Test regimes around the world, compared
There is an age-old refrain about the British education system that students here are among the most tested in the world.
This is usually said to underscore the point of view that we need to reform the rating system that children face here so that the high stakes pressure that comes from all of these exams – Sat, multiplication table checks, GCSE, A levels and in Scotland on Standardized national assessments for nationals, high schools and primary schools – can be turned into something more manageable, for teachers and students.
But how does the UK’s testing regime really stack up against other major nations? Are the children here the most tried in the world or is it a myth?
We looked at seven other countries to help understand what students in these education systems face and see how it compares.
In France the first experience with standardized testing is the Landmarks – broadly comparable to SAT KS1. In years 2 and 3, students take two French and one math tests.
These take place twice a year – in September and February – and data from these is shared with teachers to help form a profile of each student. The results are also given to the parents.
Once students turn 11, they move on to “College” – essentially college. Although there is no equivalent to the KS2 Sats, at the start of college, students take online tests to provide teachers with a detailed diagnostic summary of strengths and weaknesses.
Then to mark the end of their compulsory education at age 15, French students take a national diploma, often called the Brevet, which consists of written tests in French, mathematics, literature and science followed by an oral exam.
Although the diploma is not a prerequisite for admission to Lycée – lycée – the results will influence the Course of the baccalaureate taken there.
Some students will take professional or technological versions of the three-year degree qualification, but most will still follow the traditionally academic training. general baccalaureate where they are examined on a wide range of subjects such as French, history, geography, a foreign language, philosophy, mathematics and science.
In German primary schools – or Grundschule – pupils take tests in German and mathematics at the end of their second year. Of From the 4th year onwards, a continuous informal testing phase begins which “classifies” the students in streams.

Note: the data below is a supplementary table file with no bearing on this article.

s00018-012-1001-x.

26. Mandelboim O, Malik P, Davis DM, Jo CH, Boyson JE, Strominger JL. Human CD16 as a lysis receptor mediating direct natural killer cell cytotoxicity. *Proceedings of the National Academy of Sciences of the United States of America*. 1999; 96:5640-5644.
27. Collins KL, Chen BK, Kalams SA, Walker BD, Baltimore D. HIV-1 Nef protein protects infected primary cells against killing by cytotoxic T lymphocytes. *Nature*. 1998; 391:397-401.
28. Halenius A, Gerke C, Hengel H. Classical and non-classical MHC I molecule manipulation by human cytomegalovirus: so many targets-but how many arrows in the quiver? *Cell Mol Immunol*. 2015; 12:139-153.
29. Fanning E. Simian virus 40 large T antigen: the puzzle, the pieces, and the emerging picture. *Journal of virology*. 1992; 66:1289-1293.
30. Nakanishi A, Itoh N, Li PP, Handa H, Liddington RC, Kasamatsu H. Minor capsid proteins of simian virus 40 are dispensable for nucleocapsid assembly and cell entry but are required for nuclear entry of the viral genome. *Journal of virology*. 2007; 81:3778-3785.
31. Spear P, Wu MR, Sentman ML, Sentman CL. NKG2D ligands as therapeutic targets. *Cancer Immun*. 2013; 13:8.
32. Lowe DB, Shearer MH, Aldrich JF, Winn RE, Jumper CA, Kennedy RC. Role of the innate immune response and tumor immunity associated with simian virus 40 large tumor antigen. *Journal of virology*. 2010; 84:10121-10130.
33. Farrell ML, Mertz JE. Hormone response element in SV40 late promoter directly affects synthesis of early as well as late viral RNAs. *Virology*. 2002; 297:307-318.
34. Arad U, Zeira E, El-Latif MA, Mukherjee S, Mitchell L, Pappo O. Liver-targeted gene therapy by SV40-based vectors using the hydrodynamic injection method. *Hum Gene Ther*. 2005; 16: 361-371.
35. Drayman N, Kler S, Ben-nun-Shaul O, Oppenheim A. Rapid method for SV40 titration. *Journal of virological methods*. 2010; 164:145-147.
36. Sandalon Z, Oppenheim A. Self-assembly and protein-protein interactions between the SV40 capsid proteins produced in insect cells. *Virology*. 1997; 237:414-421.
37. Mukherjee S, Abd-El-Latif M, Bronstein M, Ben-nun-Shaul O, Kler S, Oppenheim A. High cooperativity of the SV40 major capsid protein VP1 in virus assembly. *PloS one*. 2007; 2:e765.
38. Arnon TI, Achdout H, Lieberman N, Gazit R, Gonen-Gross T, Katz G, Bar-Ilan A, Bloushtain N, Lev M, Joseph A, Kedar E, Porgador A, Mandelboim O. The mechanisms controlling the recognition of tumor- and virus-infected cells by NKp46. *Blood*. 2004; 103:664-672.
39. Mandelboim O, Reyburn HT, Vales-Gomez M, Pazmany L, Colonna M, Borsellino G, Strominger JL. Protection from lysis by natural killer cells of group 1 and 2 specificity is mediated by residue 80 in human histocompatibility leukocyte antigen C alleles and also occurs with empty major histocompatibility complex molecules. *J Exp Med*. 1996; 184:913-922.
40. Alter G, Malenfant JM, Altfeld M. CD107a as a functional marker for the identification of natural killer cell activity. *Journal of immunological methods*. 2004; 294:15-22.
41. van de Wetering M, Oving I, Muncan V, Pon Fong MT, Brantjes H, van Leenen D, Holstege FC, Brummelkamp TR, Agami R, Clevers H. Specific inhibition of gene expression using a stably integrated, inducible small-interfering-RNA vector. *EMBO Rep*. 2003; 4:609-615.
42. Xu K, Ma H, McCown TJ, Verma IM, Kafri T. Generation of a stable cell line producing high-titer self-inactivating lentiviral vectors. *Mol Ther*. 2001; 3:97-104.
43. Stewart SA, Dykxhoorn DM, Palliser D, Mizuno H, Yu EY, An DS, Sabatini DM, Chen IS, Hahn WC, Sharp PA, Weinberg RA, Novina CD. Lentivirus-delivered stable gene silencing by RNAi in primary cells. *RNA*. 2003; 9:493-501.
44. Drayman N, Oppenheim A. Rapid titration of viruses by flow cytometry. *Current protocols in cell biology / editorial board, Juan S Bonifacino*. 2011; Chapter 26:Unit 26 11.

In consultation with parents, Grundschule teachers do bergangsempfehlung or transfer the recommendations to three different types of secondary schools depending on academic potential.
The most academic children (39%) attend the Gymnasium where they follow a traditional academic course. Less academic students go to the Hauptschule to prepare for professional qualifications.
But most students go to the Realschule which offers a hybrid academic and professional course, culminating at the age of 16 with a Realschulabschuss diploma which qualifies students for further professional courses or apprenticeships.
Alternatively, Realschule graduates can resume a traditional academic path by attending a gymnasium at age 16 to follow the Oberstufe Gymnasium.
It is a two-year course that ends with the Abitur, a final exam taken at the age of 18 as a prerequisite for university entry. Mathematics and German are compulsory components followed with work in two elective subjects.
At the end of their third year at Educacion Primaria, Spanish children take standardized tests in math and language. Assessment in these subjects is repeated at the end of their sixth year, along with an additional test for science and technology.
At the end of compulsory secondary education, students obtain a school leaving certificate at the age of 16 which entitles them to access two-year Bachillerato courses designed to prepare them for higher education. .
In Bachillerato, sstudents follow a compulsory core with four subjects of their choice. Their final grade is based on a combination of exam results and continuous assessment.